Creating Events and Event Procedures
As a Microsoft® Visual Basic® for Applications (VBA) programmer, you understand how to handle form and control events. If you have programmed in Microsoft® Word or Microsoft® Excel, you might also have taken advantage of events on the ThisDocument, ThisWorkbook, or SheetN objects. These event procedures are simple to create — you just open the class module and construct the event procedure from the Object and Procedure drop-down lists in the Code window.
There are two additional ways to handle events from VBA code in a Microsoft® Office application. You can create event procedures for certain objects that provide built-in events but that do not have associated class modules. In addition, you can create custom events for your own classes.
In This Section
- Creating Event Procedures for Built-in Events by Using the WithEvents Keyword
- The objects for which you have commonly written event procedures — UserForms, Microsoft® Access forms and reports, and the ThisDocument, ThisWorkbook, and SheetN objects — all have an associated class module.
- Adding Events to Custom Classes
- You can include your own events in custom classes, and create event procedures that run when those events occur.
- Custom Classes and Objects
- If you have never used class modules to build custom objects before, this section covers the concepts that you must understand to design, build, and use custom objects with their own methods and properties.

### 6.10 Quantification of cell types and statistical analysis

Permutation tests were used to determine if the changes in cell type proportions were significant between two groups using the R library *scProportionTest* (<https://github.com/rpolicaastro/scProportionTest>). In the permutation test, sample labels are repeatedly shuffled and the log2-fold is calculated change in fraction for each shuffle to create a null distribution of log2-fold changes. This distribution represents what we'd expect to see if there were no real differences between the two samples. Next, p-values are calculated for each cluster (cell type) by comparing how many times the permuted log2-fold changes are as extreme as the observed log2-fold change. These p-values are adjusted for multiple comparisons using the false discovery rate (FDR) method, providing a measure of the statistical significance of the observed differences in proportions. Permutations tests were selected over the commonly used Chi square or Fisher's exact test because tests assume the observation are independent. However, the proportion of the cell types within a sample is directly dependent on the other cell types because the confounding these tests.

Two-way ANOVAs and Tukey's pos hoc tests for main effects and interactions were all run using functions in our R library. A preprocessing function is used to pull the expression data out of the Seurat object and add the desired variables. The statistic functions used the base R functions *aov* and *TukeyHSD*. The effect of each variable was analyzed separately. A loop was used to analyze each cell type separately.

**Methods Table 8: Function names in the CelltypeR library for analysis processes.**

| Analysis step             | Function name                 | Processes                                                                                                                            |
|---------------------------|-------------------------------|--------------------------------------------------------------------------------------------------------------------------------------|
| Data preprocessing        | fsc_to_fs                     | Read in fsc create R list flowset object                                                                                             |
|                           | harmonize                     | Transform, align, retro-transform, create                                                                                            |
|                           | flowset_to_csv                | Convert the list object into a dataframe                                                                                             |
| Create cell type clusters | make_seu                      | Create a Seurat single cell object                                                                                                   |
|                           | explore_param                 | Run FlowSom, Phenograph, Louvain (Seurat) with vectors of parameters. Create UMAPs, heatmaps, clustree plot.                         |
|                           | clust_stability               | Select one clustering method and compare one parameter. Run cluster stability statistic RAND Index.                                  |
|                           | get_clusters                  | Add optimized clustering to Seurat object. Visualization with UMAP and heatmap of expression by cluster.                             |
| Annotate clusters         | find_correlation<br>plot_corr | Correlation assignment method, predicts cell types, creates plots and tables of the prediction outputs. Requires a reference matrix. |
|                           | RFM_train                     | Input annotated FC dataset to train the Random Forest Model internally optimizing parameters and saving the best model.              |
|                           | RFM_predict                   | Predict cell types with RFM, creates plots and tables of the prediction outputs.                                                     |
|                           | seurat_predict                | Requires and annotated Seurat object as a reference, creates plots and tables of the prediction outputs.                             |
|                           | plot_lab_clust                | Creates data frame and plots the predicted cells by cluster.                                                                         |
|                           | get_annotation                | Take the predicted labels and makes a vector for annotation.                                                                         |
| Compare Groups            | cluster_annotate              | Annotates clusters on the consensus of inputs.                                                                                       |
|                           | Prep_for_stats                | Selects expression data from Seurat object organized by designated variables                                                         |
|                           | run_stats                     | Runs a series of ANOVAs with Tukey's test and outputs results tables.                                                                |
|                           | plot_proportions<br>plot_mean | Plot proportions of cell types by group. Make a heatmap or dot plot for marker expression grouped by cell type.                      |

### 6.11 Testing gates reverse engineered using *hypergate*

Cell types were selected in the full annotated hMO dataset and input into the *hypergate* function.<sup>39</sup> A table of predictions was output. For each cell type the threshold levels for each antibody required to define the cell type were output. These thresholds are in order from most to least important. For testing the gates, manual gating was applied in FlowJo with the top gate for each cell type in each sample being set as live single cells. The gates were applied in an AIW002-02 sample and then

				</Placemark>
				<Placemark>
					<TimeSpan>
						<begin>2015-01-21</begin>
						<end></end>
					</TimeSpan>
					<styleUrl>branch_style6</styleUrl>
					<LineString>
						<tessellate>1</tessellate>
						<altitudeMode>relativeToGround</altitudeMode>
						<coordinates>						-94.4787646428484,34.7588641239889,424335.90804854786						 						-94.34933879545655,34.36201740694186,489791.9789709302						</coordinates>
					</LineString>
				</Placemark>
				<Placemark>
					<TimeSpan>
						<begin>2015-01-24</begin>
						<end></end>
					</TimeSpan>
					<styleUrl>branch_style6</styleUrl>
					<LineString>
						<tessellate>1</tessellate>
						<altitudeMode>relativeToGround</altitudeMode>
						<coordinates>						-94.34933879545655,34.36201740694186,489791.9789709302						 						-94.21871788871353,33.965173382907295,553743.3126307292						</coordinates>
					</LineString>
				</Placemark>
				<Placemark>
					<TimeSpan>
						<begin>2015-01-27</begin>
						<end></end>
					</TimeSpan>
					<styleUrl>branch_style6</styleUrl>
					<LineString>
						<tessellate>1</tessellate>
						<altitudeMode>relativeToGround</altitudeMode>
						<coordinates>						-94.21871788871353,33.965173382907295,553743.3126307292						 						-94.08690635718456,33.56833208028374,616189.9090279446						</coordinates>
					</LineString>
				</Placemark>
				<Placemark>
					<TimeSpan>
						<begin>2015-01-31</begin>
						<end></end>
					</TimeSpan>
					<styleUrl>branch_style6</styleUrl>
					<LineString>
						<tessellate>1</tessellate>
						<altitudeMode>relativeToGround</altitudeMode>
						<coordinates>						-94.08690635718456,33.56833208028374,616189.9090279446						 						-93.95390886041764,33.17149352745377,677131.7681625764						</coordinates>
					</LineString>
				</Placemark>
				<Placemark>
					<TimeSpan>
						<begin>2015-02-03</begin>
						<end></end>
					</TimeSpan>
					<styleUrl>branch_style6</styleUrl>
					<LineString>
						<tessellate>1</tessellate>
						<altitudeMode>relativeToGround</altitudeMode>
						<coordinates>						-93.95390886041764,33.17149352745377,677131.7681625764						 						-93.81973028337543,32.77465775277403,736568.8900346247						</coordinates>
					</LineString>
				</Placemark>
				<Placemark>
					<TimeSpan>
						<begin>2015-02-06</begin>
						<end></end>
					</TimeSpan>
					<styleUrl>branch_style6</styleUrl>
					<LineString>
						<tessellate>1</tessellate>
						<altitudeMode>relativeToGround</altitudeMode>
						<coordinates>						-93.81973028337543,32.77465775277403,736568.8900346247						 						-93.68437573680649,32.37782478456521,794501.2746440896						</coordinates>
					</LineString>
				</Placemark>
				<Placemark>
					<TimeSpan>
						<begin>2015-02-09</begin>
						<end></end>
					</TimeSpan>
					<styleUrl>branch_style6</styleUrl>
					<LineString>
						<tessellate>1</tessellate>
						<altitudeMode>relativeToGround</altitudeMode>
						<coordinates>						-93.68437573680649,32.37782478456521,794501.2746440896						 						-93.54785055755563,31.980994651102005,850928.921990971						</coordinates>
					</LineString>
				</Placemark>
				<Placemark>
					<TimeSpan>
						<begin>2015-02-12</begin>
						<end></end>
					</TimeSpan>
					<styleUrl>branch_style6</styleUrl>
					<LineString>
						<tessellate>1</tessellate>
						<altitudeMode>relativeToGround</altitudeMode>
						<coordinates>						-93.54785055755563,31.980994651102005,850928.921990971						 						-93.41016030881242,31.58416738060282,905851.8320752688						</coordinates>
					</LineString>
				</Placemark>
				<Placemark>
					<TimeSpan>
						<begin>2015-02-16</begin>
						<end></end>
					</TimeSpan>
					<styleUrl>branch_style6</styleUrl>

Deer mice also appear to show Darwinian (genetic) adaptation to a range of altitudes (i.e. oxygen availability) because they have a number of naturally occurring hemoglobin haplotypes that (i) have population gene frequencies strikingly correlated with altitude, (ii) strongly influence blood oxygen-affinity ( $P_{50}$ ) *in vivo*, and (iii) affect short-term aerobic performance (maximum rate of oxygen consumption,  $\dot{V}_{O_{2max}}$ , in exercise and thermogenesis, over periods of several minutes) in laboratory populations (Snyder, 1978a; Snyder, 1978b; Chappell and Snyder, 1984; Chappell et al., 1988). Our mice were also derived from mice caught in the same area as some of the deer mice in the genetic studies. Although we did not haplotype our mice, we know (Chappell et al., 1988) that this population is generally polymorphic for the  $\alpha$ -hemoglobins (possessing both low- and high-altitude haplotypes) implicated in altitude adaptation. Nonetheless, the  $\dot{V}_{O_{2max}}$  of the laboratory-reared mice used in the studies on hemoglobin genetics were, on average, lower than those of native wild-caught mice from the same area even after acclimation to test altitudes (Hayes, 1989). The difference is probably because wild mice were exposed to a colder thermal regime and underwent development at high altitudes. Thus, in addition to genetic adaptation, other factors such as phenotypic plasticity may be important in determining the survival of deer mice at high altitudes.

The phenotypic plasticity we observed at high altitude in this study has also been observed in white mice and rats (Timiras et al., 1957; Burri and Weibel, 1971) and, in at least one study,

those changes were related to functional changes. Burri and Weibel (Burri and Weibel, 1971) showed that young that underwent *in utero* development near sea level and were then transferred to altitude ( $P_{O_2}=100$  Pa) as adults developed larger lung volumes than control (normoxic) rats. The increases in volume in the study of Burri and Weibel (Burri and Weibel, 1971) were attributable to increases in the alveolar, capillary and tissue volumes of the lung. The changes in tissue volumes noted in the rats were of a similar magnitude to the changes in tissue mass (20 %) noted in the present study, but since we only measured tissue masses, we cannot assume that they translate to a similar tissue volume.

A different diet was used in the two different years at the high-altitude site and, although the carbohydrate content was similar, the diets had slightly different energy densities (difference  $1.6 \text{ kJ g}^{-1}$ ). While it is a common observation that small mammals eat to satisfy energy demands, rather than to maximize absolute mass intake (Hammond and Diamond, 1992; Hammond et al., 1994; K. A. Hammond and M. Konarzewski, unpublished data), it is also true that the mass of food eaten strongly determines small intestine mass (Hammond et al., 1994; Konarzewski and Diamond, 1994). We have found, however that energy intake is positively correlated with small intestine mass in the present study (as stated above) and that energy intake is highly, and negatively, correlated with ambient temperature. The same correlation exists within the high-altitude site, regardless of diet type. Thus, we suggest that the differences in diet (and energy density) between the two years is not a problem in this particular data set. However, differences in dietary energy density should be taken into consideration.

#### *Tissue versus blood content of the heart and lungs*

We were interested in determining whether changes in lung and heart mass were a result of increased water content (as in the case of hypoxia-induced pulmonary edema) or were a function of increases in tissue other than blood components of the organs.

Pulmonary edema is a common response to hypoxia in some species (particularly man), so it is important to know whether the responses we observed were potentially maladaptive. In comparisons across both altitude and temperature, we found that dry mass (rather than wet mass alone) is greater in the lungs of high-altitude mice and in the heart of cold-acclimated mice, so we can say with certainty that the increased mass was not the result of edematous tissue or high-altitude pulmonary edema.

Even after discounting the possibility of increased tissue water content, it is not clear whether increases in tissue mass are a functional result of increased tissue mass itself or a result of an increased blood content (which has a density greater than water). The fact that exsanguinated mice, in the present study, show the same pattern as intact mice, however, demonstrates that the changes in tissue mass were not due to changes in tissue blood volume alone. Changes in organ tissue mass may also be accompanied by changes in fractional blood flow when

- Why Build Your Own Objects?
- Build entire custom object models that involve complex code behind the scenes, but that present a relatively simple and intuitive object syntax to the programmer.
- Basic Class Concepts
- Become familiar with using class modules to build custom objects, and learn the basics of adding a class to your project, creating an instance of a class in memory, and constructing properties and methods.
- Creating Property Procedures
- Public module-level variables in a class module function as properties of an object.
- Extending Objects Through Interfaces
- Suppose that in the process of designing your application, you decide that you want to create several objects that are closely related, and, in fact, require at least some of the same properties and methods.
- Designing Object Models
- When you design an object model, you are taking abstract processes and imposing concrete relationships upon them.
- Creating Custom Objects for Web Pages
- There are two ways to create objects for Web pages that are similar to custom objects created in Microsoft® Visual Basic® for Applications (VBA): by creating scriptlets, and by using Microsoft® Internet Explorer version 5 and later behaviors.